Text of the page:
I turned to page 300 of Volume 2, the B’s, and searched down the page for my name. I found it in the entry for Bolt, a 2008 Disney film I had never heard of.
“Kenneth Turan of the Los Angeles Times wrote that ‘[Bolt] also has an intriguing plot along the lines of: What if the Truman Show starred a dog? It’s a story that’ll touch your heart and remind you just how lucky Bolt and Truman are.’”
Ha! Lucky. If I needed confirmation that the world was against me, here it was. I used my broken pen to underline the passage in case I needed to come back later. I wanted to keep reading, but I estimated that there was little value in a comparison of my life and that of a cartoon dog. If I had time I would come back to this later.
The next entry was Carbon Concrete.
“Carbon concrete, commonly called Ugly Betty from its Russian name Uglerodnyy Beton, is a building material combining carbon and concrete. The method of combining these materials is only known within the Soviet Union where it was developed. The only place Ugly Betty exists outside of the USSR is in the dome structure that protects Seahaven Island, Florida, the filming location of The Truman Show.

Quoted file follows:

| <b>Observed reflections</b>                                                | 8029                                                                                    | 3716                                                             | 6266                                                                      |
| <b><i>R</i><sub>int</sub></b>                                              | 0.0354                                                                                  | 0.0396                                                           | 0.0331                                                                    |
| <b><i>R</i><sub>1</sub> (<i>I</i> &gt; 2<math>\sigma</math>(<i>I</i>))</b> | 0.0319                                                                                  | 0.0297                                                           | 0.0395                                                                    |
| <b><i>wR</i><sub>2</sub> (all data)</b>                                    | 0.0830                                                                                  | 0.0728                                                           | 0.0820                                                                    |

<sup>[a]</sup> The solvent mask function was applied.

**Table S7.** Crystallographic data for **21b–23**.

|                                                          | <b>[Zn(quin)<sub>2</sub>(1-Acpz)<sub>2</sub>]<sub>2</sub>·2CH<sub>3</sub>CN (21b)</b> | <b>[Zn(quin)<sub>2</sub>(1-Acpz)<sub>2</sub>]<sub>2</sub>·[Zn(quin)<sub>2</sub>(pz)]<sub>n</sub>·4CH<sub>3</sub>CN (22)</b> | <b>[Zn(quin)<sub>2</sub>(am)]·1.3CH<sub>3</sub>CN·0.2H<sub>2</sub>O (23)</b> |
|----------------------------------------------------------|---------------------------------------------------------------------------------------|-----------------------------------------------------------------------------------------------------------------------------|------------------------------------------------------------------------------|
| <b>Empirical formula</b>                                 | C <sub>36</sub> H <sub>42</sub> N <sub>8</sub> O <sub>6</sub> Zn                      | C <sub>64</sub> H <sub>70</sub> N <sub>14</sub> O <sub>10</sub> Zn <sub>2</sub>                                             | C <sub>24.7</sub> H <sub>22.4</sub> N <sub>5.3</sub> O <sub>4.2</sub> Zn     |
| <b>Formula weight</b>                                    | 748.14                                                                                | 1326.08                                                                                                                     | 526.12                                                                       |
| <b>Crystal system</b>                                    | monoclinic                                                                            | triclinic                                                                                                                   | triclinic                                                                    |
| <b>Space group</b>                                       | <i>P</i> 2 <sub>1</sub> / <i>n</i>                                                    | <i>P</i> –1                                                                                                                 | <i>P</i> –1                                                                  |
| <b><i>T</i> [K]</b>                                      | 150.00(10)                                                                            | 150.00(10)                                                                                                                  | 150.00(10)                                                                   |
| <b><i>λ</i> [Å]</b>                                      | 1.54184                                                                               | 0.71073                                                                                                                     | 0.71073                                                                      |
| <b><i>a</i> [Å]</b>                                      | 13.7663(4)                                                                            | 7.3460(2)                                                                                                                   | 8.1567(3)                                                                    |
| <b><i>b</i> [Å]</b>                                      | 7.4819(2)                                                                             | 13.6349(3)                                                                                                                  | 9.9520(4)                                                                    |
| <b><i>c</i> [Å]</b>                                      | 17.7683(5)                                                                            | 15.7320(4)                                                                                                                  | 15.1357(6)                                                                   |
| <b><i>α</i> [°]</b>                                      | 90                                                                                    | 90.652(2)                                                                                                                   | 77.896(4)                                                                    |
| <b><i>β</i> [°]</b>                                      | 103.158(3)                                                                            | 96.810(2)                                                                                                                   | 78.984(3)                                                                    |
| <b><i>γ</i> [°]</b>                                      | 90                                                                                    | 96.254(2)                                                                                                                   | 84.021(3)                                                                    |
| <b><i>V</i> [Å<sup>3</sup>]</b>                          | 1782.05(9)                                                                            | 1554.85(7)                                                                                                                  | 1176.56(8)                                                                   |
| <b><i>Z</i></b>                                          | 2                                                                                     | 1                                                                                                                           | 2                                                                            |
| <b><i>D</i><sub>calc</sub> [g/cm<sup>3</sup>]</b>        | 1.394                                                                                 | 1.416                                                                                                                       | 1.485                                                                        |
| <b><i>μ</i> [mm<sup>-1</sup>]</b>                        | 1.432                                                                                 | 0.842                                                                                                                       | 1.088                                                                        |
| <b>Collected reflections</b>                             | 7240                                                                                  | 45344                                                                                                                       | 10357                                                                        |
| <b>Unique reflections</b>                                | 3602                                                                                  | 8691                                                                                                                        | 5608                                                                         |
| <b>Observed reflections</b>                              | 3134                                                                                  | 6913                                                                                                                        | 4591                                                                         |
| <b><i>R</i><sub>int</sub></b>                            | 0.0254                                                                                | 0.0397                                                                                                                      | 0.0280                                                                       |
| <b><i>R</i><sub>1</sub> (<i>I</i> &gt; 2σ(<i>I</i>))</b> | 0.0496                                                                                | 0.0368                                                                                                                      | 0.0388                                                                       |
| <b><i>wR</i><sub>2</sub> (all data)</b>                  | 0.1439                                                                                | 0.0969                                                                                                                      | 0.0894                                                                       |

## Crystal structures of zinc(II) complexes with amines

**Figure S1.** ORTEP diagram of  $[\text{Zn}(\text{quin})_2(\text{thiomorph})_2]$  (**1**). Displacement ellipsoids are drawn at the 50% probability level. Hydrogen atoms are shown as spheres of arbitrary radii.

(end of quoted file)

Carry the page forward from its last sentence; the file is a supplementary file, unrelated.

“The carbon structure of Ugly Betty gives it a strength which has been compared to diamond. Its true strength has not been tested in the US or reported in any publication. Russia takes measures to ensure the other countries and corporations involved with The Truman Show cannot examine it: first by covering the Ugly Betty in standard concrete, and second by keeping an oversight team in place at all times. This measure is ordinary, as the town also hosts oversight teams from the other governments that contributed secret technologies to the Florida Dome project.”
Nestled next to the text was a photo of an impossibly large orange dome with a leaf painted on top and the stylized text “Seahaven Island, A Florida Dome City”.
I feverishly underlined these paragraphs. I had so many new questions, but one thing finally fell into place for me. The Florida Dome was the name of the sky I grew up under.
And my father had once called it the firmament.
Marlon held up the ringing phone receiver to both our ears so I could hear it too.
Someone answered, “Hello?”
“Is your refrigerator running?” Marlon asked.
“Who is this?” said the voice.
“Well you better go catch it!” Marlon howled with laughter and slammed down the phone. We fell all over ourselves.